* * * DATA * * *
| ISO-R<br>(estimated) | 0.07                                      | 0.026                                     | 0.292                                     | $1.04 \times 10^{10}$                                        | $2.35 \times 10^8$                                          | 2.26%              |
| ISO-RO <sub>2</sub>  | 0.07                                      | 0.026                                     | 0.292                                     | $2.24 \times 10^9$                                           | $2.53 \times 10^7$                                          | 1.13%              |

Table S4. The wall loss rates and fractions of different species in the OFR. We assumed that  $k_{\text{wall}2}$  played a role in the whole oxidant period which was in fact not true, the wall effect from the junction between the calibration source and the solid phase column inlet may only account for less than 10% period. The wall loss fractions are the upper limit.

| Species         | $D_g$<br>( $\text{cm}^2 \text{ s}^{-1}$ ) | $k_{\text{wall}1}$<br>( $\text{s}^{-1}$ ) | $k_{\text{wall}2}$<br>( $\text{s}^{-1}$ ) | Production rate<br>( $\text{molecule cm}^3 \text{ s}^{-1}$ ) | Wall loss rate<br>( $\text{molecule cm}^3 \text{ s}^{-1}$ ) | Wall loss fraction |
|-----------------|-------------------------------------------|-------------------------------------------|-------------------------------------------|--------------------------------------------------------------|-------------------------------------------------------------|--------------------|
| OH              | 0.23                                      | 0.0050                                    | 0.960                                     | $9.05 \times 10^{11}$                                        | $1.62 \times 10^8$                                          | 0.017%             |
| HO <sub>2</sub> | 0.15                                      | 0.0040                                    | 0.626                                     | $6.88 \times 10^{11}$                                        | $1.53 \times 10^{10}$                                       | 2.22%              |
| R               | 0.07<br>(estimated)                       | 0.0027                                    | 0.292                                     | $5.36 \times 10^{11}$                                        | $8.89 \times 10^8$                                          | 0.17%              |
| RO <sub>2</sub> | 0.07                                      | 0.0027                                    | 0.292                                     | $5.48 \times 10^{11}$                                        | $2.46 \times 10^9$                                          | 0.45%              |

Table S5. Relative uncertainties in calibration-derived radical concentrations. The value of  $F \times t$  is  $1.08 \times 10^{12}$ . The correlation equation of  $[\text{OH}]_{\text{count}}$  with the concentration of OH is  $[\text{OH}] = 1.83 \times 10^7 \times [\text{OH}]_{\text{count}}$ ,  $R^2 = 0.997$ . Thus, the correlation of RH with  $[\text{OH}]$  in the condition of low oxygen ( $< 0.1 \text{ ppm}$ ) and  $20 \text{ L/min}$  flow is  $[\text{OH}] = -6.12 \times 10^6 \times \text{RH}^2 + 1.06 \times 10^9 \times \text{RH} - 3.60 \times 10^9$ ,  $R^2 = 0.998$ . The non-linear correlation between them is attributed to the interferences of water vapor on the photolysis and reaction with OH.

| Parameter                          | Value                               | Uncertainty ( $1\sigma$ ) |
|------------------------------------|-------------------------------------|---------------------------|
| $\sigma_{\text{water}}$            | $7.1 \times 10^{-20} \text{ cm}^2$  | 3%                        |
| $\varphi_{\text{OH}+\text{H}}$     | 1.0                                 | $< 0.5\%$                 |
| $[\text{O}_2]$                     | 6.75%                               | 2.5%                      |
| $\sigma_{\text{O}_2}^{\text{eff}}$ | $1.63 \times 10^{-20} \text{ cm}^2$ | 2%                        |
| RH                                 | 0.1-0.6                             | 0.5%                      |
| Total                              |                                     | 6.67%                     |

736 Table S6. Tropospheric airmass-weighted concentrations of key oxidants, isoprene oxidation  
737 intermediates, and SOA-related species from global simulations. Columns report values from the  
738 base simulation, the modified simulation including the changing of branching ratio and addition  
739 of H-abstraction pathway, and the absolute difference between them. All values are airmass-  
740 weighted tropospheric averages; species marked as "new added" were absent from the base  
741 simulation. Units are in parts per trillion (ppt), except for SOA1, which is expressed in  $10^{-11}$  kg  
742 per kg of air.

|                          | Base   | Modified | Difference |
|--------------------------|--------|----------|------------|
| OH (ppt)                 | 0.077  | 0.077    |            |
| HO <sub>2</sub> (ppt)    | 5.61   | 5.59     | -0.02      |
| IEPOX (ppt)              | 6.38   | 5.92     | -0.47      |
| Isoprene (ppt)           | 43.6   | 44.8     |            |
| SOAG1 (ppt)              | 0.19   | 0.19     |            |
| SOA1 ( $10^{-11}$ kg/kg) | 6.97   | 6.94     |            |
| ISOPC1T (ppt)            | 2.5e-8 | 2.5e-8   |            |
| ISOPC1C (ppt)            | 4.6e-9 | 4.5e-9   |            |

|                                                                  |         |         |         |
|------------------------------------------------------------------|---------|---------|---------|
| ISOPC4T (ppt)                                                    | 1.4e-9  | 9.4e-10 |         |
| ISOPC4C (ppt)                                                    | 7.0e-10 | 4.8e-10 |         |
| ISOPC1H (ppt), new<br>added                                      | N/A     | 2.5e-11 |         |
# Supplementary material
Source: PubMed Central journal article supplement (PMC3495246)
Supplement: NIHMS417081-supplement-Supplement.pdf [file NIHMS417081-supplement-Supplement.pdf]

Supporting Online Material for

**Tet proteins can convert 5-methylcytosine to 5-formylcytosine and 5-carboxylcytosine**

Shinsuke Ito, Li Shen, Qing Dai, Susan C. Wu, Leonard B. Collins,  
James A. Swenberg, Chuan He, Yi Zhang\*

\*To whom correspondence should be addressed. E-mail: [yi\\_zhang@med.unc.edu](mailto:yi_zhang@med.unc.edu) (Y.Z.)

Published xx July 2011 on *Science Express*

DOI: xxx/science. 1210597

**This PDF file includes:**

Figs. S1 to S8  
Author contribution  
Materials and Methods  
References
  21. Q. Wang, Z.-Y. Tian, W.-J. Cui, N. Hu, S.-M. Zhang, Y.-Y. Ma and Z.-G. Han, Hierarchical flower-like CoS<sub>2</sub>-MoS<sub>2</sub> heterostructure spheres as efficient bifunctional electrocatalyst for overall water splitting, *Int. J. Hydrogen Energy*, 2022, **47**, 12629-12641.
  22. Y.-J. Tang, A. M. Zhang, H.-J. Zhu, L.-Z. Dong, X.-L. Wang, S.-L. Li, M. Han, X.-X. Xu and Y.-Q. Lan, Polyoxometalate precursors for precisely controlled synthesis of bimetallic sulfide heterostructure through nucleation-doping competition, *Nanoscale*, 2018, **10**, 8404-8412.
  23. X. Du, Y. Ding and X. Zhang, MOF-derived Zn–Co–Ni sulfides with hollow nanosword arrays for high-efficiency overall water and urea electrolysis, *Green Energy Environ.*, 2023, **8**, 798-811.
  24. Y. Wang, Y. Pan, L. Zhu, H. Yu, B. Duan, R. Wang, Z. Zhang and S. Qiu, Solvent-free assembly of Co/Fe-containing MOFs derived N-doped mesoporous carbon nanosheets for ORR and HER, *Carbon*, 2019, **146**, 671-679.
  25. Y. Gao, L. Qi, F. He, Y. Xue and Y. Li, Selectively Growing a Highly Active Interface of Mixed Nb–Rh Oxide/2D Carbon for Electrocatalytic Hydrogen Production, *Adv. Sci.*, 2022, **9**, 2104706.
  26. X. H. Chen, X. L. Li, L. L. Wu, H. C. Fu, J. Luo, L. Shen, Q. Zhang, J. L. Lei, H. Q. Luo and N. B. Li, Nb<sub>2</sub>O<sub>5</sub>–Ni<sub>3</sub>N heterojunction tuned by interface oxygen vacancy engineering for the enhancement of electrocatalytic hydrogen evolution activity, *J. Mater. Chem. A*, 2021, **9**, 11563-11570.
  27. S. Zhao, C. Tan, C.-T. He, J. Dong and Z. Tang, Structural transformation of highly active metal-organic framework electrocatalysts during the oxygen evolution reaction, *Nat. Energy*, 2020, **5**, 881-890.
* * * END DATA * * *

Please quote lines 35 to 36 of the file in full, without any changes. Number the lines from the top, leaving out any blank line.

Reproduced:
| ISOPC1C (ppt)            | 4.6e-9 | 4.5e-9   |            |

|                                                                  |         |         |         |